Despite stiff opposition from restaurant owners, a divided San Diego City Council Monday tentatively approved a ban on the use and distribution of polystyrene foam products, such as egg cartons and food service containers.

The ban, proposed by City Councilman Chris Ward and approved on a 5-3 vote, would also prohibit the use and sale of items such as coolers, ice chests, pool or beach toys, mooring buoys and navigation markers made partially or completely of polystyrene foam, commonly called Styrofoam. As part of the ban, the city's Environmental Services Department would provide a list of safe, affordable alternatives to polystyrene products.


The ordinance still needs to come back to the council for a final vote.

City Councilwoman Georgette Gomez proposed a subsequently approved amendment to the ban that will provide a 12-month waiver for small businesses that bring in less than $500,000 annually.

"Banning Styrofoam is the right thing to do for the environment but we also have to give our small businesses a chance to adapt to the change," Gomez said. "... The waiver protects our small businesses as they plan the transition to more environmentally friendly products."

The City Council's Rules Committee approved the proposal by a 3-2 vote in July, sending it to the full council for Monday's debate.

Polystyrene products don't degrade the way more natural products do, taking hundreds of years to break down into smaller particles called microplastics. Marine and terrestrial fauna can and do mistake polystyrene for food.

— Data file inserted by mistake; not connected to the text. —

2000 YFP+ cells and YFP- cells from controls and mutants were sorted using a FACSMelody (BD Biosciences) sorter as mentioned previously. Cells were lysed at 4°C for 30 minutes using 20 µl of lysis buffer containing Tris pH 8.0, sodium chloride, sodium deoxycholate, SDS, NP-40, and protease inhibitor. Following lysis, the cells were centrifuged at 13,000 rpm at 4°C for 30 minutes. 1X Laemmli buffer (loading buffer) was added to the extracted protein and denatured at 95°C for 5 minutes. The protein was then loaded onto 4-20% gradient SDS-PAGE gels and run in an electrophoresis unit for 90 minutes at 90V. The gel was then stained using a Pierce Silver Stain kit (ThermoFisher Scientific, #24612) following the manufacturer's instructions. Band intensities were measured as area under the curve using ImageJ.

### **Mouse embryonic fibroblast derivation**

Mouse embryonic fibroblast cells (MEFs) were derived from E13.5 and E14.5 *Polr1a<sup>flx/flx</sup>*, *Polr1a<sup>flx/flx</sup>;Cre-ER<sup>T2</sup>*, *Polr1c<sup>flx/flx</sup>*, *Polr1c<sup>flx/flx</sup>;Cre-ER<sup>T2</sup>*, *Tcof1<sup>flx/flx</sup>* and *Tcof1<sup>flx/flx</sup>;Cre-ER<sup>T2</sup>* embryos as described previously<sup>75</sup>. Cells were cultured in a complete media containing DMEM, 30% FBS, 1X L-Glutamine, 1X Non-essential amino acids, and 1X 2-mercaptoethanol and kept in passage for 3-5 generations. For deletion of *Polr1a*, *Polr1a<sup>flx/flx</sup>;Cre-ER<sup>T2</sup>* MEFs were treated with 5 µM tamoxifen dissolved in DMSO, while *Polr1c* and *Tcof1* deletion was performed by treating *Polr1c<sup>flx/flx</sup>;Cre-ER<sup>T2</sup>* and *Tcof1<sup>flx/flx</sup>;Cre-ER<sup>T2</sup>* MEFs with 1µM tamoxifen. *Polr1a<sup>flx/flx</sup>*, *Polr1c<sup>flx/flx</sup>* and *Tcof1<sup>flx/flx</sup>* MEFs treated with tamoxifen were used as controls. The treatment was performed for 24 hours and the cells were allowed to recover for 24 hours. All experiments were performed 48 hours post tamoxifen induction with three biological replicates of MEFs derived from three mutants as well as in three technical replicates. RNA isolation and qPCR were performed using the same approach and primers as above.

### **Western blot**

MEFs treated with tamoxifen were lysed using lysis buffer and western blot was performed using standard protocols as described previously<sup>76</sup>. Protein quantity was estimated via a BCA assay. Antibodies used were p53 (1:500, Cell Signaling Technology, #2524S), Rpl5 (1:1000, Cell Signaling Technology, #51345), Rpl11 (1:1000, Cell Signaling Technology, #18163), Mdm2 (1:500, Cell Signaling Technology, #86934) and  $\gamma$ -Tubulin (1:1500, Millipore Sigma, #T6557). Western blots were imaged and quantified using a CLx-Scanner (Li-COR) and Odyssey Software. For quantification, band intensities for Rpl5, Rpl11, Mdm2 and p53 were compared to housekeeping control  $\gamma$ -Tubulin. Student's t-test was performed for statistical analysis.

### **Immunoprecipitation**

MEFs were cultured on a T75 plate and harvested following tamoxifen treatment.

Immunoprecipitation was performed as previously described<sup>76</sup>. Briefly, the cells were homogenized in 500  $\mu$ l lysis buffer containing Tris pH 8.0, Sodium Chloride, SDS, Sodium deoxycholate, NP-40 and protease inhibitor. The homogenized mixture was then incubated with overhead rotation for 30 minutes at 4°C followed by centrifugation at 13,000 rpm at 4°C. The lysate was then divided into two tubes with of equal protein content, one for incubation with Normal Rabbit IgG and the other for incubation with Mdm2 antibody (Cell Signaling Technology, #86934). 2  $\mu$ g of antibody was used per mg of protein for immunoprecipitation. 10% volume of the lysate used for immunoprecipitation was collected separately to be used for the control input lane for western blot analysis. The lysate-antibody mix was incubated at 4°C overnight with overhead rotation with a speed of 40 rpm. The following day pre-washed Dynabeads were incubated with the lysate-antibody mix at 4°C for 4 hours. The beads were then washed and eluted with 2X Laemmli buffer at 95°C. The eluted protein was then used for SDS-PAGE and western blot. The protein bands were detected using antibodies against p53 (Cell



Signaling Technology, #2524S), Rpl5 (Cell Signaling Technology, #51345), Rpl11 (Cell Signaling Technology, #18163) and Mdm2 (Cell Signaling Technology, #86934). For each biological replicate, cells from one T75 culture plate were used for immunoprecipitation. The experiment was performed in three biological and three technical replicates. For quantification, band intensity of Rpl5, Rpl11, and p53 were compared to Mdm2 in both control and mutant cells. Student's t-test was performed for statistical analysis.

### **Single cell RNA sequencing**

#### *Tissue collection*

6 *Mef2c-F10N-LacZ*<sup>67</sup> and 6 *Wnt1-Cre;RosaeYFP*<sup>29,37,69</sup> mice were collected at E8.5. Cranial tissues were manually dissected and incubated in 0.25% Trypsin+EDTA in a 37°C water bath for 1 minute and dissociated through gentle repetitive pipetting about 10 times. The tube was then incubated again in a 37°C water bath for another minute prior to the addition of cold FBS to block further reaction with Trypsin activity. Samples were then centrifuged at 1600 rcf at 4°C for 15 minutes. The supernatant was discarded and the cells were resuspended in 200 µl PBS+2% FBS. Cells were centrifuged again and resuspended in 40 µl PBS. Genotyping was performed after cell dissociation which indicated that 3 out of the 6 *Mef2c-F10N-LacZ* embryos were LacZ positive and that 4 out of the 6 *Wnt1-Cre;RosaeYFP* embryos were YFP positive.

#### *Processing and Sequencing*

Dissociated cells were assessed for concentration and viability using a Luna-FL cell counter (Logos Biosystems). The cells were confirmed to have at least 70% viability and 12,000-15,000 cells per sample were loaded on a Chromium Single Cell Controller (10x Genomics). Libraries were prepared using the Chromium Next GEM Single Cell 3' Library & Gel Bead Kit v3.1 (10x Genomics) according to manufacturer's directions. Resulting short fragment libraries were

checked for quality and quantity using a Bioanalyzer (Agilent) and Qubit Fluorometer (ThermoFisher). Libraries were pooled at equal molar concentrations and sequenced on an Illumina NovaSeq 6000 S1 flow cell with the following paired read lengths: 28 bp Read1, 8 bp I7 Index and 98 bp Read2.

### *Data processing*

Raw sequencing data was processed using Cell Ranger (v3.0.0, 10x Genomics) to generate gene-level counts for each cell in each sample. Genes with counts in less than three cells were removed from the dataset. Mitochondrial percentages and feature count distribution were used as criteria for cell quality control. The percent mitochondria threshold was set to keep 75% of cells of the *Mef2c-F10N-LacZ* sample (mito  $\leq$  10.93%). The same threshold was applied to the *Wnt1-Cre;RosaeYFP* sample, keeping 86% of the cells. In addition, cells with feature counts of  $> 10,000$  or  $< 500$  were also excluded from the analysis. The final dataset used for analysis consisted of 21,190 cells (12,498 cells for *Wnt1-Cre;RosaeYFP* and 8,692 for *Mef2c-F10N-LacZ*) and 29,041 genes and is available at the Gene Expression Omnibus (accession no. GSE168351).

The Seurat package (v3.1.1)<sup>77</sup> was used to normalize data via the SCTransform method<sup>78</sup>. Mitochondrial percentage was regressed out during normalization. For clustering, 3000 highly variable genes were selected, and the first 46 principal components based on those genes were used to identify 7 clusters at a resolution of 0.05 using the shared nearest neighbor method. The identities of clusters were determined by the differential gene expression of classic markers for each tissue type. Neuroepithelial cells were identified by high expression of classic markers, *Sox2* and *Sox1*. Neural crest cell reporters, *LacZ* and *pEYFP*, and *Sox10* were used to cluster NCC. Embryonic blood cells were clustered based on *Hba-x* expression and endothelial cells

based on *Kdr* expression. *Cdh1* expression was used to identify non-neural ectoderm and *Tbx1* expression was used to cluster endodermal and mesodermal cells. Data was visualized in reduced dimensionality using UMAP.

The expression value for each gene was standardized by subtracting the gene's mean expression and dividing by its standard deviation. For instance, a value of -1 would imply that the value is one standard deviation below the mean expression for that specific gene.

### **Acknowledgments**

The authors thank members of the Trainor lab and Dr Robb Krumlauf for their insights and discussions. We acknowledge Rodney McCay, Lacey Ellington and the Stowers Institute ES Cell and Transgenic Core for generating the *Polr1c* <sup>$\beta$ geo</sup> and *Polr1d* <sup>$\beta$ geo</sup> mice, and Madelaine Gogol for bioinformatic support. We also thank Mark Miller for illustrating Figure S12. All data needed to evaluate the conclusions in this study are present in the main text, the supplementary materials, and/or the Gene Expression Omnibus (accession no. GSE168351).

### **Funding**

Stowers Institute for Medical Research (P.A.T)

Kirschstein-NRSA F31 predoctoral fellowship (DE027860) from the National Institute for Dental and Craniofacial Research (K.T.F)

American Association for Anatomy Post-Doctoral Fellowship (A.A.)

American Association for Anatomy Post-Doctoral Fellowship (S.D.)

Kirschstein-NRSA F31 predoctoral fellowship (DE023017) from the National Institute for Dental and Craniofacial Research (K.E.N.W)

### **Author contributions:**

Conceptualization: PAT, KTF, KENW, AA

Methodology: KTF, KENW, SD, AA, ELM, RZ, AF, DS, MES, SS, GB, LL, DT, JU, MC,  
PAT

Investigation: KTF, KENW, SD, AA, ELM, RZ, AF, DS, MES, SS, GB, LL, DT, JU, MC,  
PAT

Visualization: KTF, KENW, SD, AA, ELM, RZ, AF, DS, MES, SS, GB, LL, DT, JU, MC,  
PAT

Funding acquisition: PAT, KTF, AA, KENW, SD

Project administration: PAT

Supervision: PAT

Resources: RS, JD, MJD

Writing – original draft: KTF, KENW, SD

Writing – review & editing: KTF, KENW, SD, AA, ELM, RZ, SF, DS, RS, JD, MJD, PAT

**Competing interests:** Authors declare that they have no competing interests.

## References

"The negative impacts of Styrofoam are permanent and threaten the health of San Diegans, wildlife, and industries critical to our region," Ward said. "The time has come for us to listen to community groups, nonprofits and businesses that have been advocating for this change for years, and move away from Styrofoam and plastics in San Diego."

RELATED: Council Committee Approves Proposal To Ban Styrofoam And Related Products

Opponents of the ban claimed it will have a disproportionately negative effect on local restaurants that may not be able to afford more expensive alternatives to polystyrene containers the way larger chain eateries can. Opposition speakers at the council meeting expressed support for education programs for residents to prevent littering rather than an outright ban. A study by the California Restaurant Association, San Diego Chapter, found that the ban could force small food-service businesses to spend up to 145 percent more for polystyrene alternatives like compostable paper.